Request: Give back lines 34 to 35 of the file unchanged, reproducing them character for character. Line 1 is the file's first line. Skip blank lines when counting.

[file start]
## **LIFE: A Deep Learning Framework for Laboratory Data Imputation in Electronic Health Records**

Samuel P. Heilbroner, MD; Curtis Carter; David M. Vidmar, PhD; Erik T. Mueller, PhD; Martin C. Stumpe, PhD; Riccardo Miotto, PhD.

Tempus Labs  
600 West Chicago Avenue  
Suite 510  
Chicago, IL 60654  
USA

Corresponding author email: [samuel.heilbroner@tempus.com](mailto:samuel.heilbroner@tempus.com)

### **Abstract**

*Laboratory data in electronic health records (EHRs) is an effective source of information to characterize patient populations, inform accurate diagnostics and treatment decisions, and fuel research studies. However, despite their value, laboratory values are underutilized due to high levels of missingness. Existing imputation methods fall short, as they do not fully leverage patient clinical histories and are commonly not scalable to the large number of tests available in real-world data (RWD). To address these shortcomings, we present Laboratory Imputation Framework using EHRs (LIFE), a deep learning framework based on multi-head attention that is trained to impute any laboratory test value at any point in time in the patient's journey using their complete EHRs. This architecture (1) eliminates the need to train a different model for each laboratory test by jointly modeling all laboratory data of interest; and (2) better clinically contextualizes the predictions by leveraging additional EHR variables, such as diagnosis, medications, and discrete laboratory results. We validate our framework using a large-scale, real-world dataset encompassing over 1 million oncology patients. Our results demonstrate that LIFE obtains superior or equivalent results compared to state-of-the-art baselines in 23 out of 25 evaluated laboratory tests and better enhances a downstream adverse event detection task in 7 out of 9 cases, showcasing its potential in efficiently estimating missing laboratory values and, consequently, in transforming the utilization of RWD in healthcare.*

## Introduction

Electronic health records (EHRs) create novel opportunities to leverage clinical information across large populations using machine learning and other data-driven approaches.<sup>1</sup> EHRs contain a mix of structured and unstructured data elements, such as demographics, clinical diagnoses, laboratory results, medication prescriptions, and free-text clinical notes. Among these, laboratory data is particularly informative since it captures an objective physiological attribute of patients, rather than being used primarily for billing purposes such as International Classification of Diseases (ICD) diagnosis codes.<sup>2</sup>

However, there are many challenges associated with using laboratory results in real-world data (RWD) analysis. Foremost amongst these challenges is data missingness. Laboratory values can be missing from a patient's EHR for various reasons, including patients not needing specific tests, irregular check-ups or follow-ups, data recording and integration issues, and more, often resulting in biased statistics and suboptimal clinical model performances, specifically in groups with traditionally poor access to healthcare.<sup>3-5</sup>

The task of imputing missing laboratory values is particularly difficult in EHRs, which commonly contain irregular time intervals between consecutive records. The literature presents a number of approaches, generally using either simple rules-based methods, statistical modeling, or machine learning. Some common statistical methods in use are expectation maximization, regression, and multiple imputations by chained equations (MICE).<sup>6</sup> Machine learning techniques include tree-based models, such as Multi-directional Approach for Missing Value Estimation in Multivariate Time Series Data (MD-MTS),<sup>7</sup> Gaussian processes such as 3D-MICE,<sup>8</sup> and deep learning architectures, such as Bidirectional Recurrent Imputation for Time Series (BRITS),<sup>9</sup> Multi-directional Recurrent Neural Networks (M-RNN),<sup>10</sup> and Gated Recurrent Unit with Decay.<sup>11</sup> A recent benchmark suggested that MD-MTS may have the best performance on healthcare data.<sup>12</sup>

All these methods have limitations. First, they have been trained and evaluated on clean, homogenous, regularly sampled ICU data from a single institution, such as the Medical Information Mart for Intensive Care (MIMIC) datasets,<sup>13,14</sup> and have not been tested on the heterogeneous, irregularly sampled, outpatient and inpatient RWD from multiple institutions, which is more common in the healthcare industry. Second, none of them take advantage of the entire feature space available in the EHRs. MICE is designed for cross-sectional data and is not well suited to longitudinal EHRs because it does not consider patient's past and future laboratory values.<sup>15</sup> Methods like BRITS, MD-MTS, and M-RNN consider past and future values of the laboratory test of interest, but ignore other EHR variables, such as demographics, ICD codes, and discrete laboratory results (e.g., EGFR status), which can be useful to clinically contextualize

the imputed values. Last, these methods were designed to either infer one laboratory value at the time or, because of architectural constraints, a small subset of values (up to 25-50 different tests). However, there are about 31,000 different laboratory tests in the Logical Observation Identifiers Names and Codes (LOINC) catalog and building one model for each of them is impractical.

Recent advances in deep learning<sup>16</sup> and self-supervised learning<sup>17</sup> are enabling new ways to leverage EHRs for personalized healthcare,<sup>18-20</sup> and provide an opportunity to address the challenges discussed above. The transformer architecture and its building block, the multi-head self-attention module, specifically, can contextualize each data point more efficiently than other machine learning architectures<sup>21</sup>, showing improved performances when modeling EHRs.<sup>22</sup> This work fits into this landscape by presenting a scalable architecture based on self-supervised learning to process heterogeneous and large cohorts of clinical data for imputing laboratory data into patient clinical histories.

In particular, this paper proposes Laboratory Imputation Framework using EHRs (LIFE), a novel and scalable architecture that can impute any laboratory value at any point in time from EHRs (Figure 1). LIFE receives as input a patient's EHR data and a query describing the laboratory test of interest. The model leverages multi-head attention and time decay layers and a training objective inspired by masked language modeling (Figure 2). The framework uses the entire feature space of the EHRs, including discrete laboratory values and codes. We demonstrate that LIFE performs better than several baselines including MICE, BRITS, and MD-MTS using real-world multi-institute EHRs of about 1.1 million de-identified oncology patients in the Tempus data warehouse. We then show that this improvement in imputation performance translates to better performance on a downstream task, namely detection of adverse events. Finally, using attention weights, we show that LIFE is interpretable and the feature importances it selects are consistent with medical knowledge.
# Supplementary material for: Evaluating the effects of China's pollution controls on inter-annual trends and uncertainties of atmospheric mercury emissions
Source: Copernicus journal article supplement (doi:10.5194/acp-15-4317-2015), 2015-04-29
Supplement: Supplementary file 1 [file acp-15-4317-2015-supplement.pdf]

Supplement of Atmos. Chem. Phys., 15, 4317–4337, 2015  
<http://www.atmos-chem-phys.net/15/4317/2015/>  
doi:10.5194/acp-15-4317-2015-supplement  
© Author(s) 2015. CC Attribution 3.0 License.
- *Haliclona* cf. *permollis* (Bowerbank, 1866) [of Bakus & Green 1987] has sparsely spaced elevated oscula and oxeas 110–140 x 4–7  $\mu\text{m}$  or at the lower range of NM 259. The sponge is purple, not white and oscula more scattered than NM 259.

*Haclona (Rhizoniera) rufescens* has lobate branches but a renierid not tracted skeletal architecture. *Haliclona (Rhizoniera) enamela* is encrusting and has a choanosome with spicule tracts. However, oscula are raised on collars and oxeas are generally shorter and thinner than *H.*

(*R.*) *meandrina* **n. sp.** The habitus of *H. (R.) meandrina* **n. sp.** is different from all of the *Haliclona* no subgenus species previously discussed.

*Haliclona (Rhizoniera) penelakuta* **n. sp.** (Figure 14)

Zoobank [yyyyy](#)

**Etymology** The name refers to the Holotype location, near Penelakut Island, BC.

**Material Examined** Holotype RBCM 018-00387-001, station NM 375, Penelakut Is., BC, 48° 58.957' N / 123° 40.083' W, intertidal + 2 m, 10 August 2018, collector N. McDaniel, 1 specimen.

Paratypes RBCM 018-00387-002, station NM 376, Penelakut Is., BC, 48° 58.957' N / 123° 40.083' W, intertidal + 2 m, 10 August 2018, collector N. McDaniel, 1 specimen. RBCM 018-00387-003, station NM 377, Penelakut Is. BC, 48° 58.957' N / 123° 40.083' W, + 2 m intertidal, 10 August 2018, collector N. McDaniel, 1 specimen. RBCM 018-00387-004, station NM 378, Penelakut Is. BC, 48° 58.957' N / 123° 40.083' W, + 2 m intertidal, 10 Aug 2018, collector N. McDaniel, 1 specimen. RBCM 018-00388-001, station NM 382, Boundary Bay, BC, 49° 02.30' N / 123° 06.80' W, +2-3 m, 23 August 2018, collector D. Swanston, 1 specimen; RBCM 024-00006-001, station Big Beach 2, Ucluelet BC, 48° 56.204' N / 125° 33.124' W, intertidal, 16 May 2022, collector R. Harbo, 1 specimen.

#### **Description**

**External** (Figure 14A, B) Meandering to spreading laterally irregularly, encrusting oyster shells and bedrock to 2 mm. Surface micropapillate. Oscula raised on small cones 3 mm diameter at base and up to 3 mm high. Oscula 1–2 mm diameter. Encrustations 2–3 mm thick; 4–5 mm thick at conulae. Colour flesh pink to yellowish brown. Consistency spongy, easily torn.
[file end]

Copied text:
#### **Description**

**External** (Figure 14A, B) Meandering to spreading laterally irregularly, encrusting oyster shells and bedrock to 2 mm. Surface micropapillate. Oscula raised on small cones 3 mm diameter at base and up to 3 mm high. Oscula 1–2 mm diameter. Encrustations 2–3 mm thick; 4–5 mm thick at conulae. Colour flesh pink to yellowish brown. Consistency spongy, easily torn.